Dust clouds seen from the plane

Our plane

The flight and landing were without any issues and after dropping a few passengers off, the plane quickly departed for Tarawa and onward to Pohnpei. Paula and I were asked several questions by immigration about our visit and our passports were stamped. Despite my emails to the hotel, it became clear right away to be in the arrivals hall that our hotel didn’t send transport for us and a 3rd passenger who also was staying at the same hotel-Menen Hotel. I asked an airport worker if they could call the hotel and they were kind enough to help us out. Eventually we made it to the Menen Hotel, one of two hotels in Nauru. The Menen Hotel appeared a little and the barracks austere looking buildings around it were the old living quarters built by the British for mine workers.



Menen Hotel

First Impression of Nauru

After checking into our hotel, Paula and I started to make plans to explore Nauru, find a nice place to eat dinner and to hire a driver to show us the island the next day. The Menen Hotel dropped us off at a beachside cafe down the road and we relaxed to some fish and for me a rum and coke. Nauru was definitely hot and dusty and a little run down but the novelty of being in such a seldomly visited country along with the uniqueness of Nauru was starting to grow on me and I was beginning to like it. The people were kind and there seemed to be a genuine sense of hospitality displayed by the locals towards us. I walked around the restaurant some and explored the beach. Immediately behind the houses along the cost, steep coral cliffs full of dust covered trees and sea birds jutted upwards. I could see small caves and what looked like bunker like structures. I asked a young boy playing nearby if the structures in the cliffs were Japanese caves and bunkers from World War II and he said yes. It was getting dark, and I wanted to return the next to explore them and I asked the Paula’s parents if he would be free to take me to them the next morning and his parents said he would be in school but there would be some older boys hanging around that could take me. I vowed to return in the morning.

Paula and I decided to walk slowily back to the hotel instead of requesting a ride. It was a nice leaisurely walk along the coast. We came across a stretch of ocean protected from the rough waves by a small jetty allowing children to play in ocean.



Nauru Beaches

Paula on the beach

Sunset over the scrub forest where I spotted Japanese WWII caves and bunkers

Kids swimming in a protected stretch of ocean 

Flight Disruption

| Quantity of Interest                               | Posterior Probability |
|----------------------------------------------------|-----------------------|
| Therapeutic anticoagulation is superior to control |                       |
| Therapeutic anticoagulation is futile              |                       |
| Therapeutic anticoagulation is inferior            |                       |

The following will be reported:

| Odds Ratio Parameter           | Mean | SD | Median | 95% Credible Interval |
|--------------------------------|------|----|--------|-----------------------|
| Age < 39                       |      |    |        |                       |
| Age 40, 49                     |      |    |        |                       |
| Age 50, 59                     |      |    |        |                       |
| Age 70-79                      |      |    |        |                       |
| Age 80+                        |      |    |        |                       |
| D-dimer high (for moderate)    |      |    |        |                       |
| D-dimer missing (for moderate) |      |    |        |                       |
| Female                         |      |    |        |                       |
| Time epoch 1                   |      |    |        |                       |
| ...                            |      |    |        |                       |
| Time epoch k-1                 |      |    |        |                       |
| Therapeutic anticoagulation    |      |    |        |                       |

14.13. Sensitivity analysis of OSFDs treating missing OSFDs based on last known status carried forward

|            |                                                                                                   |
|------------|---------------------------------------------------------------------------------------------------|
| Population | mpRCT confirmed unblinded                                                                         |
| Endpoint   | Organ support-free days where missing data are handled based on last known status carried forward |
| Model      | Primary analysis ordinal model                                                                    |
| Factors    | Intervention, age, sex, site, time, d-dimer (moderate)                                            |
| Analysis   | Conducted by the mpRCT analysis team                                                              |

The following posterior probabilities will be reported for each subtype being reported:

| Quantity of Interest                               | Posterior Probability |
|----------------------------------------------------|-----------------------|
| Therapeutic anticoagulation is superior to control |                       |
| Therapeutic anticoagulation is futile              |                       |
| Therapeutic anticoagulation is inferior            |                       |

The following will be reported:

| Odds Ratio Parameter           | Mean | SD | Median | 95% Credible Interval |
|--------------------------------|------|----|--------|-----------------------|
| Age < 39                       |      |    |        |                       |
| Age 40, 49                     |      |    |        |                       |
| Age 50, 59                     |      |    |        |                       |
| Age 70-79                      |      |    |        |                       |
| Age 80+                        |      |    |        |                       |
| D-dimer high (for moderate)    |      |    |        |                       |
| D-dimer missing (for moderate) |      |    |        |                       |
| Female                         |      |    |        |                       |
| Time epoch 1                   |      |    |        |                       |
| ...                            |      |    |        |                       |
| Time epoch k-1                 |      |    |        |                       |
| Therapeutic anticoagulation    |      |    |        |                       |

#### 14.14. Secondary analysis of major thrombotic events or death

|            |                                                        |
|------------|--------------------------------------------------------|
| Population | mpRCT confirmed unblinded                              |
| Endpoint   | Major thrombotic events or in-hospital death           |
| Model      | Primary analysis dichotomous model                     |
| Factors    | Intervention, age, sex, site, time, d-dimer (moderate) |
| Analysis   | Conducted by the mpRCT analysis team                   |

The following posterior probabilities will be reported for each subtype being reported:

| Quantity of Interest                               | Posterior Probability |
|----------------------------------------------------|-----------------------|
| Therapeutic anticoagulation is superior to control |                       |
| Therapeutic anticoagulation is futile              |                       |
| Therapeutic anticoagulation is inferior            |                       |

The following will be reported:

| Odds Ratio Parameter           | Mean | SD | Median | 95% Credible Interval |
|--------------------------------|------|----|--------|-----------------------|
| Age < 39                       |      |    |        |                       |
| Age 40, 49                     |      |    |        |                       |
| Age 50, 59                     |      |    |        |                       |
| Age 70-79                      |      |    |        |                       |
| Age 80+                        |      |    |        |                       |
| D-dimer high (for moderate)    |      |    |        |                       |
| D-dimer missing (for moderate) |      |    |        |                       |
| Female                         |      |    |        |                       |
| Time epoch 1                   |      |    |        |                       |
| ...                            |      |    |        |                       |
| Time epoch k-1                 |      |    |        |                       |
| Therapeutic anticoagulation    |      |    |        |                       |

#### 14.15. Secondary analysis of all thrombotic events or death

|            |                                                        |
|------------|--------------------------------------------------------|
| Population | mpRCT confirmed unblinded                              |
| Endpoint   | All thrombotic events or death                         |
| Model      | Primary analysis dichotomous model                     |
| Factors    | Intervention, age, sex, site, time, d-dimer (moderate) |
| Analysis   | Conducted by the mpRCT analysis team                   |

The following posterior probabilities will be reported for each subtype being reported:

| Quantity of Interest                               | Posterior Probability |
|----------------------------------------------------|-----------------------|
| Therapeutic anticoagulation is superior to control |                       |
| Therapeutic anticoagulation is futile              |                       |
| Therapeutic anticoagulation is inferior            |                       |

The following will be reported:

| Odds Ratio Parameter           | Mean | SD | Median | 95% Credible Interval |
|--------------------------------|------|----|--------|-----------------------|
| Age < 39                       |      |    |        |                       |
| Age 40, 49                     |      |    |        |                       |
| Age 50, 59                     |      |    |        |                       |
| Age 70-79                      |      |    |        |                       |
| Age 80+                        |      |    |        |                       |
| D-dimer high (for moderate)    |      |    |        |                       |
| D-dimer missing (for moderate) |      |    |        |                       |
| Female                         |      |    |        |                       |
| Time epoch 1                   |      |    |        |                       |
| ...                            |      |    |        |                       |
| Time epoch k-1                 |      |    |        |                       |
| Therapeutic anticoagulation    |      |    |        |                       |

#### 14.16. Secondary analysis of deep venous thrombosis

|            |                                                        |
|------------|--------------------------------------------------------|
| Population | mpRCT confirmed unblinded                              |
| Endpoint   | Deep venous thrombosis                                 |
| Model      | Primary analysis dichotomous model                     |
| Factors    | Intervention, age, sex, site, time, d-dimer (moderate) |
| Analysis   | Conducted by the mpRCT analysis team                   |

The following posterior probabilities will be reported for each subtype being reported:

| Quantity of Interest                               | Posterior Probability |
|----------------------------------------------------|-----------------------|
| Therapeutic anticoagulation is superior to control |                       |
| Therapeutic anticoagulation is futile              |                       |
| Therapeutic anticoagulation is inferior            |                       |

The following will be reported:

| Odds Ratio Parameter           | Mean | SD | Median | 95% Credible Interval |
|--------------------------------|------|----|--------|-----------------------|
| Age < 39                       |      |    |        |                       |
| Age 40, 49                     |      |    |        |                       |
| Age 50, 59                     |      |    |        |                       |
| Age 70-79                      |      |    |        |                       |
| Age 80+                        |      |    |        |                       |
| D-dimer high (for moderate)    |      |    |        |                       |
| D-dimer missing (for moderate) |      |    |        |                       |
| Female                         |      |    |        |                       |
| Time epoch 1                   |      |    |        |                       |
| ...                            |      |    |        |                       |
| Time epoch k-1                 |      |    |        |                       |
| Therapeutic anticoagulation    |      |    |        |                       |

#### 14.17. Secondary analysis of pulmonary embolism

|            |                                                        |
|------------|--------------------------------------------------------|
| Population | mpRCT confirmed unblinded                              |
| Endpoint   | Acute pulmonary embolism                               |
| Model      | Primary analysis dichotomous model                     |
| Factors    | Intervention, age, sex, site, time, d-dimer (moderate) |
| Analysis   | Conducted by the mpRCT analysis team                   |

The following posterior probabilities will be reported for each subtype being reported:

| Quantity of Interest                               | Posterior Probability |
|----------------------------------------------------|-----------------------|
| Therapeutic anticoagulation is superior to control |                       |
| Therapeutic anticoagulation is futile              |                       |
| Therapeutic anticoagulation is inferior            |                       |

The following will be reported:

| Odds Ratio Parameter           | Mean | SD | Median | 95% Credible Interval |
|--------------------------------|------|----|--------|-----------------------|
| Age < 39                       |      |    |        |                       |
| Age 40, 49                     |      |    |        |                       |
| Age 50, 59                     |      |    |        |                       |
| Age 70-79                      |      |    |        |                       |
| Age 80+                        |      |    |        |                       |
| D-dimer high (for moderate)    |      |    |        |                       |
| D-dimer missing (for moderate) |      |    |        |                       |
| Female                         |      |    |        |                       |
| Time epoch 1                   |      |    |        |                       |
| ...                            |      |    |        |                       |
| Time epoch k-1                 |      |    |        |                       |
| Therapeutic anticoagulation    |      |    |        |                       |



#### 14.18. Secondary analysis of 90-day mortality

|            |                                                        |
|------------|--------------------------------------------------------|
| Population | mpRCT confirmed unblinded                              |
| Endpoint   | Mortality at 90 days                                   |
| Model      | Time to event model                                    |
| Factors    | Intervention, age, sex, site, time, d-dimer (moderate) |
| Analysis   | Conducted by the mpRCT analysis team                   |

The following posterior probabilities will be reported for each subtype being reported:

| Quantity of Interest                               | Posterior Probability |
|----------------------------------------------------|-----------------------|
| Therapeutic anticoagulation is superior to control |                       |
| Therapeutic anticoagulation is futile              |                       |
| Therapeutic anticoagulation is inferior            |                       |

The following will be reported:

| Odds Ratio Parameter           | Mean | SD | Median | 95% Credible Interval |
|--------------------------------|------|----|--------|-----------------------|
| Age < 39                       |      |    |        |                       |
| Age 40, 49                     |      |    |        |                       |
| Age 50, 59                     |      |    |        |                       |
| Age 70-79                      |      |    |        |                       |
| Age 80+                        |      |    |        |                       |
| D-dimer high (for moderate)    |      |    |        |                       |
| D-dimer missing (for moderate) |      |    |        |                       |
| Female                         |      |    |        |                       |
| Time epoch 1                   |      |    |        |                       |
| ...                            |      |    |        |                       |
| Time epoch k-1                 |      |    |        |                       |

Soon after Paula and I returned to our hotel room, and started to settle in for the night, someone unlocked our door and tried to open it but the bolt lock we put in place kept them from opening the door all the way. I thought it was a little weird that hotel staff was trying to open our door at 10pm so I opened the door to inquire. Two hotel staff members apologized to me and explained to me that they were looking for available rooms because the needed to accommodate all of the passengers from the Nauru Airlines plane that had returned after having a malfunction. This seemed weird to me because we exited the plane about 5 hours ago. I knew right away that this news would be bad for us and likely would impact our departing flight the next evening to Fiji on Nauru Airlines, so I immediately went down to hotel lobby to inquire. There were about 20 passengers and the flight crew including a few Australian pilots in the lobby waiting to check in. I asked the captain what happened, and he explained that the plane had a bird strike into one of the turbines after take-off from Nauru after we disembarked. The plane was only 15 minutes from Nauru before the pilots received an engine warning and decided to turn back to Nauru.  Then plane had to circle Nauru for another 45 minutes in order to dump enough fuel to make the landing weight. Once on the ground, the passengers were kept on the plane for another hour while the maintenance crew tried to repair the engine. In the end HQ decided to cancel the flight out of an abundance of caution until they could fly the head mechanic up from Brisbane to inspect it. As a result, the plane or flight which after a few stops was destined to return to Nauru the next evening and take us to Fiji, was cancelled. Instead, a new plane was going to be flown in from Brisbane the next morning to pick up the stranded passengers and take them to Tarawa and to onward destinations. At this point, I realized that if we missed the flight to Fiji the next evening, we would not be able to visit the country of Tuvalu as planned. The only way for us to still visit Tuvalu was to change all of our Fiji Air flights, which would be costly and to get on the Nauru Flight the next day to Tarawa. The only problem was the flight to Tarawa left much earlier than our initial flight the next day cutting our day exploration of Nauru short, and I would somehow need to find a functional internet to reschedule our flights and hotel. I decided to put it off until the next morning and to head to the bar for a drink where I joined a group of drill workers from New Zealand who were enroute to Micronesia but now were stranded in Nauru.